Tea may fight smoking damage

Related tags Cardiovascular disease Nutrition Myocardial infarction

People who drink five cups of tea daily are not only likely to
improve their cholesterol levels but may also protect against
damage from smoking, suggests new research out tomorrow.

People who drink five cups of tea daily are not only likely to improve their cholesterol levels but may also protect against damage from smoking, suggests new research out tomorrow.

The findings are to be published in a supplement devoted to a recent conference on tea in October's issue of the Journal of Nutrition​.

"This collection of research calls attention, once again, to the potential for tea and possibly other flavonoid-rich beverages to contribute to healthful dietary patterns in a significant way,"​ said guest editor of the supplement Dr Jeffrey Blumberg, a professor at the Friedman School of Nutrition Science and Policy and chief of the Antioxidants Research Laboratory, Jean Mayer USDA Human Nutrition Research Center on Aging at Tufts University, Boston.

"As scientific discoveries in this area continue, we hope to see new dietary recommendations reflect data about phytochemicals, including the flavonoids that are found in high concentration in tea,"​ he added.

A new study published in the supplement showed that five servings of black tea per day reduced LDL cholesterol by 11.1 per cent and total cholesterol by 6.5 per cent in mildly hypercholesterolemic adult study participants. The study is the first of its kind to examine the effect of black tea on blood lipids while all other components of the diet were kept constant, said the researchers at the United States Department of Agriculture (USDA) Beltsville Human Nutrition Research Center in Maryland, US.

The team investigated tea's benefits by comparing the effect of five six-ounce servings per day of either black tea, a caffeine-free placebo or caffeinated placebo beverage in 15 mildly hypercholesterolemic adults for three weeks. The volunteers followed a diet moderately low in fat and cholesterol to eliminate potentially confounding factors.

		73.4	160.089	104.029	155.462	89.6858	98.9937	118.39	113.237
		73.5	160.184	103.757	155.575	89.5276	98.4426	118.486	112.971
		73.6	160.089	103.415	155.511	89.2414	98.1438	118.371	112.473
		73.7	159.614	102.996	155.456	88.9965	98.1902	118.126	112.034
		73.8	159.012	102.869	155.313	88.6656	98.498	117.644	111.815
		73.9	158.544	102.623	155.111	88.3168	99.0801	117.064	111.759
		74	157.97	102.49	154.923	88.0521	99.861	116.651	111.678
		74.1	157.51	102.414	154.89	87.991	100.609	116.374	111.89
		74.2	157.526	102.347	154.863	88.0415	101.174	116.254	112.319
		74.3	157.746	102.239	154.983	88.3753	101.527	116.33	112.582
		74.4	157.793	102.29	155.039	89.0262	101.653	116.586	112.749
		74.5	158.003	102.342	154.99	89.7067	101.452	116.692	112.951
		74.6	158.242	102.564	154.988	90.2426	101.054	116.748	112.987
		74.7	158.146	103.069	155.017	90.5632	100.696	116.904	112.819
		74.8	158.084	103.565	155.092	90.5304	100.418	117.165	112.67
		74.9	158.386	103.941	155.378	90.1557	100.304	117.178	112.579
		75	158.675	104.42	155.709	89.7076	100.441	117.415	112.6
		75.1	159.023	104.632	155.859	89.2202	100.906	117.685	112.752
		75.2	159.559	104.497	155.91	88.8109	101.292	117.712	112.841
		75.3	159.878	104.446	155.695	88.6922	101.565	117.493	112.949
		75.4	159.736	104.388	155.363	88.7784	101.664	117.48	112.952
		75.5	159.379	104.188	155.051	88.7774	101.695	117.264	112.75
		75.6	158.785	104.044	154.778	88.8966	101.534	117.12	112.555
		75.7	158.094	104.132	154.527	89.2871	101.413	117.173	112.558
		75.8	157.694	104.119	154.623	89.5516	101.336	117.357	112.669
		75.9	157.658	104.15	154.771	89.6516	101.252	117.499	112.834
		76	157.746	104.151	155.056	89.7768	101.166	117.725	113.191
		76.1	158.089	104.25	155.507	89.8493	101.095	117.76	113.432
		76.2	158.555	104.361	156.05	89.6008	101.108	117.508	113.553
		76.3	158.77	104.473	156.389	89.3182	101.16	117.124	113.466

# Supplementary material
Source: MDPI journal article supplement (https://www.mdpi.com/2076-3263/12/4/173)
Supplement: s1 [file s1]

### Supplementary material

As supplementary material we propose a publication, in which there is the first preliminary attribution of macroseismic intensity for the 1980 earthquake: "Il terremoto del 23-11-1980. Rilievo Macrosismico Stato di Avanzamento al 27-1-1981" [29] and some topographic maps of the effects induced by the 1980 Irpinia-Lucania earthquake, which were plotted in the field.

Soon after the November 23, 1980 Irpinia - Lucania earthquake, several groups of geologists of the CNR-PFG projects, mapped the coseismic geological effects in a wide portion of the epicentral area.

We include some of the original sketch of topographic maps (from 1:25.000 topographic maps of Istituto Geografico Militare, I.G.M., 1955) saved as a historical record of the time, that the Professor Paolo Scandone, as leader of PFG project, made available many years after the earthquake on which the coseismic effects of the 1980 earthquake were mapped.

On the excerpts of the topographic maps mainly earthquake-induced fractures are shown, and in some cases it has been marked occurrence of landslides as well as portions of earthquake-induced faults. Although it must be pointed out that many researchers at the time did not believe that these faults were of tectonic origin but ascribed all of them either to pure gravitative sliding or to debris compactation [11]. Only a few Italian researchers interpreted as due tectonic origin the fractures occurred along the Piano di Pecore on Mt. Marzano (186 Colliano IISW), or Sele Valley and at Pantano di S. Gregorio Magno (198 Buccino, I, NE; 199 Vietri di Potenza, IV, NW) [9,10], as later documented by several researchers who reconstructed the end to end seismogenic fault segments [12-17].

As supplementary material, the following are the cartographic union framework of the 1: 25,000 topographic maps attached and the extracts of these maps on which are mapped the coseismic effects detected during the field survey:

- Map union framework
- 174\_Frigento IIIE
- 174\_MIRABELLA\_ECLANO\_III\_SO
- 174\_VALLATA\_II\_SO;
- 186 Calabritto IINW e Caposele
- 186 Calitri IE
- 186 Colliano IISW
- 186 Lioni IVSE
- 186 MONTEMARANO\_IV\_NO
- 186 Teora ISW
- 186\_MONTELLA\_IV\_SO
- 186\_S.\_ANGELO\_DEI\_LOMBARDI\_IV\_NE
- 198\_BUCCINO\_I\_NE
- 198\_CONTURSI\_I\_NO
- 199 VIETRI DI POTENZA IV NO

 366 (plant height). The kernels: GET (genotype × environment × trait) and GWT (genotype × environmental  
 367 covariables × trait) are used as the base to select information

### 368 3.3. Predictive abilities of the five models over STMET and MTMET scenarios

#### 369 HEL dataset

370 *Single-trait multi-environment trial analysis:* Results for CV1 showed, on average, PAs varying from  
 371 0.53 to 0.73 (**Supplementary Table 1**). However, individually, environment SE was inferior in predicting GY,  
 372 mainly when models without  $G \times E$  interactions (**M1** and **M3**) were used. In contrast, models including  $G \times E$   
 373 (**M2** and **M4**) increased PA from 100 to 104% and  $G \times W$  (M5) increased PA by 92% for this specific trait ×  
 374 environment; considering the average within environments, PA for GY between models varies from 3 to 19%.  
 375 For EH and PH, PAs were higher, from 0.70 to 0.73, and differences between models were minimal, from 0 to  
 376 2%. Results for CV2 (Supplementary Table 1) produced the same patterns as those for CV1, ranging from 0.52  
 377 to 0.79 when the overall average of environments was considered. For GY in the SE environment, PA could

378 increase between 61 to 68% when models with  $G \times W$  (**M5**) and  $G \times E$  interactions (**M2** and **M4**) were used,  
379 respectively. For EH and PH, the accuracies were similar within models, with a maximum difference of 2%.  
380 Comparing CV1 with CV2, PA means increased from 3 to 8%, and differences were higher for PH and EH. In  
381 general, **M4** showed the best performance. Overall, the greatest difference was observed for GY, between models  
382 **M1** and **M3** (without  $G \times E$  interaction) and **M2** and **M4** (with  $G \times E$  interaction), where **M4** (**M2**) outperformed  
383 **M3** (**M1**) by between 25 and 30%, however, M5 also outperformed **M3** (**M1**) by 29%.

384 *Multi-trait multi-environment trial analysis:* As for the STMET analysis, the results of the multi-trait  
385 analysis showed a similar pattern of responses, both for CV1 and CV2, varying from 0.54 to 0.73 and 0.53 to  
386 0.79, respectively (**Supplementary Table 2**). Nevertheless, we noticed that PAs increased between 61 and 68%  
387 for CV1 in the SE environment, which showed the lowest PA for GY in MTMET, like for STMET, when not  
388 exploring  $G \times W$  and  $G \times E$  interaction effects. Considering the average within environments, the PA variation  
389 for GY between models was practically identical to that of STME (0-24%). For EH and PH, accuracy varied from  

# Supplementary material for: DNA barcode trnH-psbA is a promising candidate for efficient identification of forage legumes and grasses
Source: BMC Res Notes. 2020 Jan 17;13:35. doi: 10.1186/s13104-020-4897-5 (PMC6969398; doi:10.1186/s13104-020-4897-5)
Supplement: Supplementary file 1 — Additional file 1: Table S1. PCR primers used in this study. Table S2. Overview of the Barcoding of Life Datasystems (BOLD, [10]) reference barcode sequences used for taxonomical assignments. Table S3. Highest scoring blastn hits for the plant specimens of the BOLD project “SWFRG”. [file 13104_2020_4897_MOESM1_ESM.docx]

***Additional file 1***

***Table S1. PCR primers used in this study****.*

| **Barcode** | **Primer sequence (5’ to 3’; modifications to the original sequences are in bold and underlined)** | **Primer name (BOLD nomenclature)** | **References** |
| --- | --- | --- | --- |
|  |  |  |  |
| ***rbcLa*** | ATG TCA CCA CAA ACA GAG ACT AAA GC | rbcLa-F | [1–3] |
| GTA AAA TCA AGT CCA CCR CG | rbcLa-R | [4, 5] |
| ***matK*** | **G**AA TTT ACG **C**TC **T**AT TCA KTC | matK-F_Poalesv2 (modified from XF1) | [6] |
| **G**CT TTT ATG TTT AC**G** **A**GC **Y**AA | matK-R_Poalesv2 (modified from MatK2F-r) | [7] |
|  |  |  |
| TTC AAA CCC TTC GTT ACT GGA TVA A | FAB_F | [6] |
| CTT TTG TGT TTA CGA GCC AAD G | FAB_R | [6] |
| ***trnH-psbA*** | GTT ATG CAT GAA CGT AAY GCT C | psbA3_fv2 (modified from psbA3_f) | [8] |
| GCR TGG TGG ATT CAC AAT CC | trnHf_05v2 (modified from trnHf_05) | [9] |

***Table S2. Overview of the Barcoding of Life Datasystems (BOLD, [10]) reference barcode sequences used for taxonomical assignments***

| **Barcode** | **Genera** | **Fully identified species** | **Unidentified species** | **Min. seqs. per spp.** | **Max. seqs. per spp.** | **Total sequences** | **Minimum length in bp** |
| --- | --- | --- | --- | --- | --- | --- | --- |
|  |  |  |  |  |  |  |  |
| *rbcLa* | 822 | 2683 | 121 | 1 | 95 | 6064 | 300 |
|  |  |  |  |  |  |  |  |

After three weeks, the researchers examined total cholesterol, LDL cholesterol, and two emerging biomarkers for cardiovascular health which some scientists argue could provide more in-depth measures of individual cardiovascular disease risk than LDL and total cholesterol alone: Apolipoprotein B (ApoB) and Lipoprotein(a) [Lp(a)].

Levels of ApoB decreased by 5 per cent and levels of Lp(a) fell by 16.4 per cent. ApoB concentrations reflect the number of LDL 'particles' in the arteries, providing a more specific measure of LDL cholesterol levels. Lp(a) are lipoprotein particles that contain a particular protein which could potentially interfere with the body's ability to dissolve blood clots. Some scientists believe that a reduction in Lp(a) levels suggests a benefit to cardiovascular health.

This reduction in Lp(a) could be important because most standard cholesterol treatments have little effect on this lipoprotein, reported the researchers. The emerging biomarker may become an important risk factor not reflected in LDL or total cholesterol measures, because of the role blood clots play in the risk of stroke and myocardial infarction.

One possible mechanism for this effect is tea's potential ability to limit cholesterol absorption in the intestines.

"These study results indicate that drinking tea regularly has the potential to lower levels of LDL cholesterol, reducing risk factors of cardiovascular disease,"​ said Dr Joseph Judd, research chemist at the Beltsville Human Nutrition Research Center, USDA.

A second study, led by Arizona College of Public Health, University of Arizona and Arizona Cancer Center in Tucson, studied the effect on 143 heavy smokers of consuming four eight-ounce servings per day of either decaffeinated green tea, decaffeinated black tea or water for four months. The results showed that the levels of 8-OHdG, an indicator of oxidative DNA damage, dropped by a significant 31 per cent after four months in those in the green tea group, but not in the other two groups. Oxidative DNA damage is implicated as a contributor to cancer development as well as cardiovascular disease.

"Tea polyphenols are not only powerful antioxidants but also inducers of phase-2 detoxification enzymes, resulting in the body's ability to quench more oxidative DNA damage, reducing cancer risk,"​ said Dr Iman A. Hakim, the division director of Health Promotional Sciences at the Arizona Cancer Center and research associate professor of Public Health at the College of Public Health, University of Arizona.

Smokers were selected as participants due to the high levels of oxidative DNA damage cigarette smoking causes, making changes in those levels easy to detect. Researchers believe that the process of decaffeination affects black tea much more than green tea, thus the black tea may have been weakened because many of the flavonoids had been removed.

These and other studies, including US government research on emerging biomarkers of cardiovascular health, are included in the supplement titled 'Proceedings of the Third International Scientific Symposium on Tea and Human Health: Role of Flavonoids in the Diet'.

Tea is the second most consumed beverage in the world. Researchers plan to investigate further how tea flavonoids function in the body and their implications and new clinical trials are already underway in the US.

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